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The Moon's South Pole

The Lyman-Alpha Mapping Project instrument (LAMP) is one of six instruments that resides on the Lunar Reconaissance Orbiter (LRO). LRO is the first step in NASA's plan to explore the Moon and ultimately return human beings to it. LRO's two main objectives are:

  • To obtain maps of the surface reflectance in the permanently shadowed polar regions of the Moon.
  • To map and determine the concentration of water ice in any exposed deposits of ice near the surface in these cold polar areas.

Each of the instruments on LRO has goals that, taken together, are helping scientists achieve those mission-level goals. LAMP has the following specific objectives:

  • To create maps showing concentrations of exposed surface frost in the lunar polar regions. No such maps previously exist.
  • To create maps of the landforms at polar regions, especially for the areas where such images have in the past been difficult to obtain because they never see sunlight or earthshine. Again, no such maps previously exist.
  • To create maps of the lunar surface at night in order to demonstrate that such maps can be made without sunlight or earthshine.
  • To search for, detect and monitor over time the abundance and variability of various kinds of atoms in the lunar atmosphere. Scientists expect LAMP will be able to accomplish this with 10 times more precision than previous studies have achieved.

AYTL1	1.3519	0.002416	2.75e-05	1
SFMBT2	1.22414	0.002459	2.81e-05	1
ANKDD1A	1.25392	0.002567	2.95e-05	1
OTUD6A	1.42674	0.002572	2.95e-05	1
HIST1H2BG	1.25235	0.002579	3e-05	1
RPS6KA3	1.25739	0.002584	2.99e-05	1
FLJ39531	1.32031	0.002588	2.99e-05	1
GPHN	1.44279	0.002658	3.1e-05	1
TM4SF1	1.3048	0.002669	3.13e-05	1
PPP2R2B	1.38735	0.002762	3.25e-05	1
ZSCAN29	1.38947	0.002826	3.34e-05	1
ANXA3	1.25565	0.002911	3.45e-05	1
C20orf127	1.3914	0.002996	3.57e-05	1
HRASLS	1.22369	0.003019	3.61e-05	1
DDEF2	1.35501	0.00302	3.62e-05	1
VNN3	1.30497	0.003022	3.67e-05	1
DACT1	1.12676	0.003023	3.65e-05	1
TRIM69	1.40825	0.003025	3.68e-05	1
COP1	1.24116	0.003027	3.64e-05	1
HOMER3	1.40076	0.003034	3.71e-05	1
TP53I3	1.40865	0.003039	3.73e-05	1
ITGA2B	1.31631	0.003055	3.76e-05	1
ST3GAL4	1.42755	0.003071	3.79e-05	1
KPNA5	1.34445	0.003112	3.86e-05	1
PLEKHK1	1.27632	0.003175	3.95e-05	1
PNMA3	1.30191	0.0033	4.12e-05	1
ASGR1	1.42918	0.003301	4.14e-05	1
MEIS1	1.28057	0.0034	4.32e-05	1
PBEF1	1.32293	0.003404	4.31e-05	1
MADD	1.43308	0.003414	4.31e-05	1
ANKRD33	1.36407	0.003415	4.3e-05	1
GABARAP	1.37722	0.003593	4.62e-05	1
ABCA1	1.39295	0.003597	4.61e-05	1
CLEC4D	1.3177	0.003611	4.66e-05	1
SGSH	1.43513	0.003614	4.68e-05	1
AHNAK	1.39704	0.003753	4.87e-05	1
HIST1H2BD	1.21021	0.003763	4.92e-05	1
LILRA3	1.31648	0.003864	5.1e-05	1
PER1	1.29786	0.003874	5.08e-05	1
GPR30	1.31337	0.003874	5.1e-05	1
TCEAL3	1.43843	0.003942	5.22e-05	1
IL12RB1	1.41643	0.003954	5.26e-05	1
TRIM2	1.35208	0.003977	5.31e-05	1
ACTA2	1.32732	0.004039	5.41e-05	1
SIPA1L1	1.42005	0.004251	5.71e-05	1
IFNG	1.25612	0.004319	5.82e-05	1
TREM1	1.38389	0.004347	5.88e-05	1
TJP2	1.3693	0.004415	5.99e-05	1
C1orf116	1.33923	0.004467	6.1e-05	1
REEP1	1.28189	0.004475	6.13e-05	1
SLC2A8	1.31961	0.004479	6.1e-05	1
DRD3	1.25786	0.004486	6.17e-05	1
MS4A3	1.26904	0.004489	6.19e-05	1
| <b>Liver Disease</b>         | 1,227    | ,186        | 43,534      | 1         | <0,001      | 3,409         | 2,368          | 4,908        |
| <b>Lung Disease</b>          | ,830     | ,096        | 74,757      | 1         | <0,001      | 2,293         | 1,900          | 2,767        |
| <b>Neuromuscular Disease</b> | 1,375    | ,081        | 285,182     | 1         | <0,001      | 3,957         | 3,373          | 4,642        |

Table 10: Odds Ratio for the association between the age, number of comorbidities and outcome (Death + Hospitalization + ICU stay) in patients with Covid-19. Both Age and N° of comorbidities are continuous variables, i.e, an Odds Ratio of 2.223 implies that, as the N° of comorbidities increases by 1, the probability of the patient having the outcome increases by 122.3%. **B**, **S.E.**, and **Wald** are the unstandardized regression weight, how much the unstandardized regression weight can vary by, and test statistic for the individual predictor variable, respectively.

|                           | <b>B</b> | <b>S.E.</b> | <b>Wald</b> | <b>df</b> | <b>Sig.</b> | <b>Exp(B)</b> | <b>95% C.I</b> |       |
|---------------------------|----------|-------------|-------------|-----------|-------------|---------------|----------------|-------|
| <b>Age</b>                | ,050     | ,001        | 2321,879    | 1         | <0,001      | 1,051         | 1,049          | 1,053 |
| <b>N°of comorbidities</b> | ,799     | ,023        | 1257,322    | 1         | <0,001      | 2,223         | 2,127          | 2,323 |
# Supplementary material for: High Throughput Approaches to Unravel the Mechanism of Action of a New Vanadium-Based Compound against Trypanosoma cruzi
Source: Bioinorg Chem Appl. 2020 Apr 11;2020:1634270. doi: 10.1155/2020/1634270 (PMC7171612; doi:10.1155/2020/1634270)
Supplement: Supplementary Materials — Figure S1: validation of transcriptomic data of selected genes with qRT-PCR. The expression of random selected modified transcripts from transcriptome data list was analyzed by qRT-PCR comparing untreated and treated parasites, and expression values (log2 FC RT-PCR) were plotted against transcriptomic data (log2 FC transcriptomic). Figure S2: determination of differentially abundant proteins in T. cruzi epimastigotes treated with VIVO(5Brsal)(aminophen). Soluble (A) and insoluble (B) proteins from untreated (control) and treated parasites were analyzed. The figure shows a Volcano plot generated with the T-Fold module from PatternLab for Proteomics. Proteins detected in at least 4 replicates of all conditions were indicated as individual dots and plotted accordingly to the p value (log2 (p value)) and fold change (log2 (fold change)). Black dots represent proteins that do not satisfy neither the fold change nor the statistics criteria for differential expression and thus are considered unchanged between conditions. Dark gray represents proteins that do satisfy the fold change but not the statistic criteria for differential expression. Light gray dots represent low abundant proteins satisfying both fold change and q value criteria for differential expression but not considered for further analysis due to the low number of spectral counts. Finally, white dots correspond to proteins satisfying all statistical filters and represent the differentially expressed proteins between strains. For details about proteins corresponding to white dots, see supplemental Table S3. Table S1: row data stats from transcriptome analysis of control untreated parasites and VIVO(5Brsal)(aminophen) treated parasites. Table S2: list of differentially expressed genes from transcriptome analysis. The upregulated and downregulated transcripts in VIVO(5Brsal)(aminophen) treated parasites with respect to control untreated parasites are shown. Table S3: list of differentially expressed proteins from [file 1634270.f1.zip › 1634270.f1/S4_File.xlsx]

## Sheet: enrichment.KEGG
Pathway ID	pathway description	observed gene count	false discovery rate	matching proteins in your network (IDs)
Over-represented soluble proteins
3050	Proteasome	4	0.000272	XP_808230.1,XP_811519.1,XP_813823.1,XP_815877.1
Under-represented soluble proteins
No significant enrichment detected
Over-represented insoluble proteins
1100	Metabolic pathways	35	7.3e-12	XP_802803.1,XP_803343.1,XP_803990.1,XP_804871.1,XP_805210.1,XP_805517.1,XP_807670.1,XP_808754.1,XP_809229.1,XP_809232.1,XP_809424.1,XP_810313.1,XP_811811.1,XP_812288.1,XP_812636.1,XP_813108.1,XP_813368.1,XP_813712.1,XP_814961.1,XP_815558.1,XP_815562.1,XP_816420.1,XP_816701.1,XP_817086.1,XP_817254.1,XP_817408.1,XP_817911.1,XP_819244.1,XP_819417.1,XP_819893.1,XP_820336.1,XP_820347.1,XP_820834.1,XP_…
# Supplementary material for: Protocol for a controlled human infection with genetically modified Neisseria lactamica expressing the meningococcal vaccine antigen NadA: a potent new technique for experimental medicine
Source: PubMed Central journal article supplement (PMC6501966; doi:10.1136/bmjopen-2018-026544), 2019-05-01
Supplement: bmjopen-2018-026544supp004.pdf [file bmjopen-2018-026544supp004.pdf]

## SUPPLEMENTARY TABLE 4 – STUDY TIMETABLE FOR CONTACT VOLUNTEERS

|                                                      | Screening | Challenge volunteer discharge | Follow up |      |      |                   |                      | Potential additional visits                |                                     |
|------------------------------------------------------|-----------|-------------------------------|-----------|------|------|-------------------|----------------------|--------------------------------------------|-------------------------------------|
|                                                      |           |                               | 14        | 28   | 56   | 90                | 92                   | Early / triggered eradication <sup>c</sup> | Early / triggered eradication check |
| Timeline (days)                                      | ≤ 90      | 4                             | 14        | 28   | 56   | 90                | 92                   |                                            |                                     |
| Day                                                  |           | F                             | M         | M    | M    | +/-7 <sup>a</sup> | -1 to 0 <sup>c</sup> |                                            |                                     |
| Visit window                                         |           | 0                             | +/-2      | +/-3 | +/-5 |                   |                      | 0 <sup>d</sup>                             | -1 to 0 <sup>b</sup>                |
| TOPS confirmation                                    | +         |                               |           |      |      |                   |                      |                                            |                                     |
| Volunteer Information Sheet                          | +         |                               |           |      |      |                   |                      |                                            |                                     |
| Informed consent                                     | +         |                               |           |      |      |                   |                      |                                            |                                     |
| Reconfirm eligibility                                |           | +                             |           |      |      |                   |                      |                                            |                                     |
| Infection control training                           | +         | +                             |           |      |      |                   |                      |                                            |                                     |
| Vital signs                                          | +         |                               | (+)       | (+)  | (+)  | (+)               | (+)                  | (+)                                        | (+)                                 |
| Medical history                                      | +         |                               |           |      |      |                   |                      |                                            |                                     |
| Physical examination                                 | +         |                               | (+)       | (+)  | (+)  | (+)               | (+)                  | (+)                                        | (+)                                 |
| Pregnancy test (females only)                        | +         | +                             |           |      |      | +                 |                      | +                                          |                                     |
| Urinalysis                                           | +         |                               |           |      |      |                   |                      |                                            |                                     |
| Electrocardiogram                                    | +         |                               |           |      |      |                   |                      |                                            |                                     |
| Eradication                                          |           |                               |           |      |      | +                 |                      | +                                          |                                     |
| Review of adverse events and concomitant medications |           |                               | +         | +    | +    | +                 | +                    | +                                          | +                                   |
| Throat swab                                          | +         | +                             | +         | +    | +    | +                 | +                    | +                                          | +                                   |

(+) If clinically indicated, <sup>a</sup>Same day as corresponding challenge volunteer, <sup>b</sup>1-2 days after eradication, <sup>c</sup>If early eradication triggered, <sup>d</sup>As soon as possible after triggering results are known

The other instruments that traveled with LAMP on the Lunar Reconaissance Orbiter are: CRaTER (Cosmic Ray Telescope for the Effects of Radiation); Diviner; LEND (Lunar Exploration Neutron Detector); LOLA (Lunar Orbiter Laser Altimeter); and LROC (Lunar Reconaissance Orbiter Camera); The Mini RF instrument also acheived its technical demonstration.


Potential Challenges

The researchers working on LAMP are confident its goals are achievable. But that doesn't mean there aren't some challenges to overcome.

Observations by an earlier mission, the Lunar Prospector (LP), detected absorption of naturally occurring neutrons by hydrogen atoms. One possibility is that these hydrogen atoms are located near the Moon's surface in water ice. Theoretical predictions of the supply and loss of water ice to the permanently shadowed regions generally agree with this scenario and the water ice abundances estimated from the neutron measurements. However, the excess of hydrogen could also be in the form of free hydrogen or in molecules other than water that contain hydrogen. Therefore a primary objective of LRO is to determine whether the possibility of water ice is indeed true. Other independent observational methods are needed to clarify this. This is where LAMP observations come in to the story.

Scientists still need better laboratory measurements of the reflectance of water ice at "far-UV" wavelengths than currently exist (the only set of previous lab measurements were made during the Apollo era). LAMP scientists are currently conducting their own laboratory experiment to provide the best knowledge about the "far-UV" reflectance of water ice ever obtained. These results will have broad applications to "far-UV" observations of all sorts of solar system objects in addition to the LAMP Moon observations. Rather than being daunted by the challenge, LAMP scientists are embracing it and anticipating LAMP's observations.


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